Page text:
Unmanaged wild reindeer populations tend to follow cyclical behaviour, and domesticated reindeer populations often show cyclical behaviour, too. In this contribution, we intend to use the long-term development of two areas in northern Scandinavia to explore how externally imposed policies and winter climate variability have influenced the reindeer herd size and pasture state. We do this by comparing the development in two areas that are rather similar ecologically: Torneträsk in northernmost Sweden and Kautokeino (Vest-Finnmark) in northernmost Norway.
Climatic and ecological studies as well as commons theory have been useful tools for understanding the inherent socio-ecological dynamics. Especially the time from 1850 to 1940 includes several short periods when historical sources document combinations of events such as (1) closure of national borders to cross-border herding migrations, (2) relocations of herder households, (3) overutilization of lichen pastures, (4) catastrophic winters, and (5) forced herd reductions. The high number of incidents and actions during this era makes it challenging to disentangle causes and effects.
Our main findings are based on the documented effects of international events and consequent government policies and actions in Fennoscandia from 1852 to 1921 which had dramatic consequences, including excessive numbers of reindeer and people in northernmost Sweden, leading to more or less forced relocation southwards in Sweden with cascading effects in large parts of Sápmi. We have found clear indications that this contributed to overutilization of lichen pastures and beyond any reasonable doubt must also have reinforced the effects of several of the documented catastrophic climatic events, especially in areas like Torneträsk to where many families from Finnmark were relocated. From the first border closure in 1852 to the Second World War it thus seems as if the shocks from the political events were the main factor determining the development of reindeer herding in large parts of Sápmi. The political and administrative history is well documented. Our climate data are a unique compilation of climate events based on multiple sources during two centuries, which contribute to the validity of our findings. Our pasture state data from the late-1800s are also based on several sources which support each other.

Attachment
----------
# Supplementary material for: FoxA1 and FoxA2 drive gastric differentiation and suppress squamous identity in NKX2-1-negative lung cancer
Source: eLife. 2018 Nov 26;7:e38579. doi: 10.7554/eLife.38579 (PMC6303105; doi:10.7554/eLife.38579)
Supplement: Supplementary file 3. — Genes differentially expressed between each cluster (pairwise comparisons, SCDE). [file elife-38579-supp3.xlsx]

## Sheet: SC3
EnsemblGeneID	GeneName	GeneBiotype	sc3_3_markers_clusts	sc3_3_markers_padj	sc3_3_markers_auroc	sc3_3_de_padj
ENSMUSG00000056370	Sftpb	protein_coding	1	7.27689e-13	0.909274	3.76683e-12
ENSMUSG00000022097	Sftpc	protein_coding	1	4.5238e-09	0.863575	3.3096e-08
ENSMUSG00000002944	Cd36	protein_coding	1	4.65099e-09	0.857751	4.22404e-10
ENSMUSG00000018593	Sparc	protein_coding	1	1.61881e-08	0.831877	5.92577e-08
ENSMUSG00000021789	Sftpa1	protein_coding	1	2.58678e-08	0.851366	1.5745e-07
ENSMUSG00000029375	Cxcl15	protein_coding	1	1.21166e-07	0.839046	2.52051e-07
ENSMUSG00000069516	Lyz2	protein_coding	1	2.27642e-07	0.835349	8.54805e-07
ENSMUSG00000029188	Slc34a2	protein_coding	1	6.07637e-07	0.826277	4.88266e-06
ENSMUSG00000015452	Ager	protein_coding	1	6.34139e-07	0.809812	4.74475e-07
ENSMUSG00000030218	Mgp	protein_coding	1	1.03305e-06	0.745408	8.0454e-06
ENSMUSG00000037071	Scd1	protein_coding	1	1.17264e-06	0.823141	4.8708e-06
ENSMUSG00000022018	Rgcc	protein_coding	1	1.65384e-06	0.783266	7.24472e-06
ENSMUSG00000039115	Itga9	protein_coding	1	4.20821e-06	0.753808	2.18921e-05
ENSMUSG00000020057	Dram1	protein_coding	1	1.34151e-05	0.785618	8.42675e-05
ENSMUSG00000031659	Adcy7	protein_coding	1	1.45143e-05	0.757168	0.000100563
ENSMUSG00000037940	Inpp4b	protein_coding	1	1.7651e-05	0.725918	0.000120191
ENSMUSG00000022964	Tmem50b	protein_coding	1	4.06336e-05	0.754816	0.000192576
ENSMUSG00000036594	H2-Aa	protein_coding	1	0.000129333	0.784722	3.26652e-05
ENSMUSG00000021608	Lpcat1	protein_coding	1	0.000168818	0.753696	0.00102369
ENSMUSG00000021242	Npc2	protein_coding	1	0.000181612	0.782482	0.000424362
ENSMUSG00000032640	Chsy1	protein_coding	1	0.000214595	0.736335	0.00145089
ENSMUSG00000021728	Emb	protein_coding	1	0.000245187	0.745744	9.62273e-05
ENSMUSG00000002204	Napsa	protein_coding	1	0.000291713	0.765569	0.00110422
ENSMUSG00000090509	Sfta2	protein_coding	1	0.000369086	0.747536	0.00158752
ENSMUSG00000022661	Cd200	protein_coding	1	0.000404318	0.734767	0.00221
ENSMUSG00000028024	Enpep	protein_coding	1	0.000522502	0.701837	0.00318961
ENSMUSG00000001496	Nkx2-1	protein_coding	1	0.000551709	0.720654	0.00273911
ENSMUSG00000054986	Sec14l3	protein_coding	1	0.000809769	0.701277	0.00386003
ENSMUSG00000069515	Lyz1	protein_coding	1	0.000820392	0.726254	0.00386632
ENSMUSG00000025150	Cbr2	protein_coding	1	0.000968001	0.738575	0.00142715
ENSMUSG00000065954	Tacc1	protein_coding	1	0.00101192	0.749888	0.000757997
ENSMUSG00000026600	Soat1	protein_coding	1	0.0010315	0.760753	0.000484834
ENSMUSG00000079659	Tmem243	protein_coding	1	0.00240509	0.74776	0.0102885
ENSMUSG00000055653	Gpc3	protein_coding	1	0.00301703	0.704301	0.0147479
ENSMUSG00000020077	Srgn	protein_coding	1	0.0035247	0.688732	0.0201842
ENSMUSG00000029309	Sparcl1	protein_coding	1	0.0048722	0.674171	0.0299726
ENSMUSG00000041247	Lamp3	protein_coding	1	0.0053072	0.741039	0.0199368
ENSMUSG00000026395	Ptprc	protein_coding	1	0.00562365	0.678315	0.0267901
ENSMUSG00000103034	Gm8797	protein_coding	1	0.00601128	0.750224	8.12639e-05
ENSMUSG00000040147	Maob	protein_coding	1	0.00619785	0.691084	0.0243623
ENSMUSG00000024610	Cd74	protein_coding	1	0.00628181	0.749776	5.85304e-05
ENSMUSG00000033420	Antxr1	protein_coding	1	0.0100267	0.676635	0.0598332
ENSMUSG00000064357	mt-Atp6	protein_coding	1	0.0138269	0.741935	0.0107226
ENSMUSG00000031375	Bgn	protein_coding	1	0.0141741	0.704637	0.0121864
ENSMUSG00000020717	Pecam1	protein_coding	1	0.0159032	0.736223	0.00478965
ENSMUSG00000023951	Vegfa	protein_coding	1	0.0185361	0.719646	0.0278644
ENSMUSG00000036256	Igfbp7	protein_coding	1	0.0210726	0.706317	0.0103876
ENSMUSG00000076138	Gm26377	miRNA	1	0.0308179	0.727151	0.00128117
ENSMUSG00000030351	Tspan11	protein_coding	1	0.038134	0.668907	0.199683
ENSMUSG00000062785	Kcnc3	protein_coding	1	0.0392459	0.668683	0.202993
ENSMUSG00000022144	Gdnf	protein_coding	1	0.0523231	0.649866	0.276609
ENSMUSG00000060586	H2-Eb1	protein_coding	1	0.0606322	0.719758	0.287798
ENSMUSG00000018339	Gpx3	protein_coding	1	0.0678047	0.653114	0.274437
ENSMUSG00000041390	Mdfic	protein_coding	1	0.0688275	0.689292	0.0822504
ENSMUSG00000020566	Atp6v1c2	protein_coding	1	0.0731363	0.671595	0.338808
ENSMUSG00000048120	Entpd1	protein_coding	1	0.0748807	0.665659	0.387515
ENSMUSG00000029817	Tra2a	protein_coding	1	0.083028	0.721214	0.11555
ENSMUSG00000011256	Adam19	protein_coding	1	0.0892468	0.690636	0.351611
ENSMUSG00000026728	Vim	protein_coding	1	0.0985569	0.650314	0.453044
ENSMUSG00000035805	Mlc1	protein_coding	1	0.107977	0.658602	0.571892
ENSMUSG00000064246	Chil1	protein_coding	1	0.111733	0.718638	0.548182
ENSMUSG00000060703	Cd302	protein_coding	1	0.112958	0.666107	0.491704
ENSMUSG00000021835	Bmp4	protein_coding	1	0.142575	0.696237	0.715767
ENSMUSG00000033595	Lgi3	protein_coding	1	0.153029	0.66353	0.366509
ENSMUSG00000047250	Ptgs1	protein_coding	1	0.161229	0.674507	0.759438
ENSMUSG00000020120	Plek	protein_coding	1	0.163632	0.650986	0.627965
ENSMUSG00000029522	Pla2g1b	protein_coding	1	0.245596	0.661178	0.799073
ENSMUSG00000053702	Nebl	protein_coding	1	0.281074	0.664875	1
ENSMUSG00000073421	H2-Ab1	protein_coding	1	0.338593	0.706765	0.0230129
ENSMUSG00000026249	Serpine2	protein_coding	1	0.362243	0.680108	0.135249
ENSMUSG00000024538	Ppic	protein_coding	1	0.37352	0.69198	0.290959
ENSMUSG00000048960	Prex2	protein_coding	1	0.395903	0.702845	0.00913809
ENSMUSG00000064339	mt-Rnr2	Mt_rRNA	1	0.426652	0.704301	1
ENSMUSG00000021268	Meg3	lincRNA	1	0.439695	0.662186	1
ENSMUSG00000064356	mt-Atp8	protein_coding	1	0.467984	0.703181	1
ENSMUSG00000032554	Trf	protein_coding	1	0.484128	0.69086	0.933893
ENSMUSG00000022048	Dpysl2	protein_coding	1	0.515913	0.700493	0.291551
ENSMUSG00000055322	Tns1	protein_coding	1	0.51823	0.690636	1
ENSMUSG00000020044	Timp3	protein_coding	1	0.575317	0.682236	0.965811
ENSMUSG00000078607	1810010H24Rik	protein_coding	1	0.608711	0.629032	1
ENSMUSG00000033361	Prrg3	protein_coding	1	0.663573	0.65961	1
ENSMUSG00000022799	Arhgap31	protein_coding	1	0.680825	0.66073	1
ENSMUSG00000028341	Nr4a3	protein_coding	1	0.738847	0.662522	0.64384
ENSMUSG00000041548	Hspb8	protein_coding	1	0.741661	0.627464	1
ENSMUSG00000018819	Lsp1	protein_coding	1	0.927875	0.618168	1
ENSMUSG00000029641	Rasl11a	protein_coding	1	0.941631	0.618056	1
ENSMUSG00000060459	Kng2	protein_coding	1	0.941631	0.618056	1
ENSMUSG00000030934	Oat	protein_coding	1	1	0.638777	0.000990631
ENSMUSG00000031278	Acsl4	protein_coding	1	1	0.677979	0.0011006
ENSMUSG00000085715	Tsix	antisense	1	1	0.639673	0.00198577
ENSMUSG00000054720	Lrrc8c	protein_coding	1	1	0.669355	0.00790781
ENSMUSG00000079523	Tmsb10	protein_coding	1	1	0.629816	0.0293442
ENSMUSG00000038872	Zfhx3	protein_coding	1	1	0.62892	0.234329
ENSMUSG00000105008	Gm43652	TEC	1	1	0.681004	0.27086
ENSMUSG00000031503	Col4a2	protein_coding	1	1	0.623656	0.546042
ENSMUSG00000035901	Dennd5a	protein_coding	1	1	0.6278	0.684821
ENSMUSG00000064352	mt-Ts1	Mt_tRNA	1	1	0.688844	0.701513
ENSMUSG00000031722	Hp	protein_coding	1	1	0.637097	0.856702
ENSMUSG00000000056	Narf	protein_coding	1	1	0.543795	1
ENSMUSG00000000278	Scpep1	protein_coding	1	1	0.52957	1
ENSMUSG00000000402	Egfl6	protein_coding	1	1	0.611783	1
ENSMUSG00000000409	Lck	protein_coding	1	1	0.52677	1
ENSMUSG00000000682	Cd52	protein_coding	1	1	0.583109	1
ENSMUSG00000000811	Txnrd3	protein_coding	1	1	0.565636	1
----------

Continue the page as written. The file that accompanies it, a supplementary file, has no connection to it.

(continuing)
Two new factors influencing the general cyclical pattern have arisen more recently. Motorization has increased the possibilities for intense pasture utilization and the amplitudes between minimum and maximum herd sizes, while supplementary feeding has the potential to limit the effects of winter climate variability and lichen overutilization.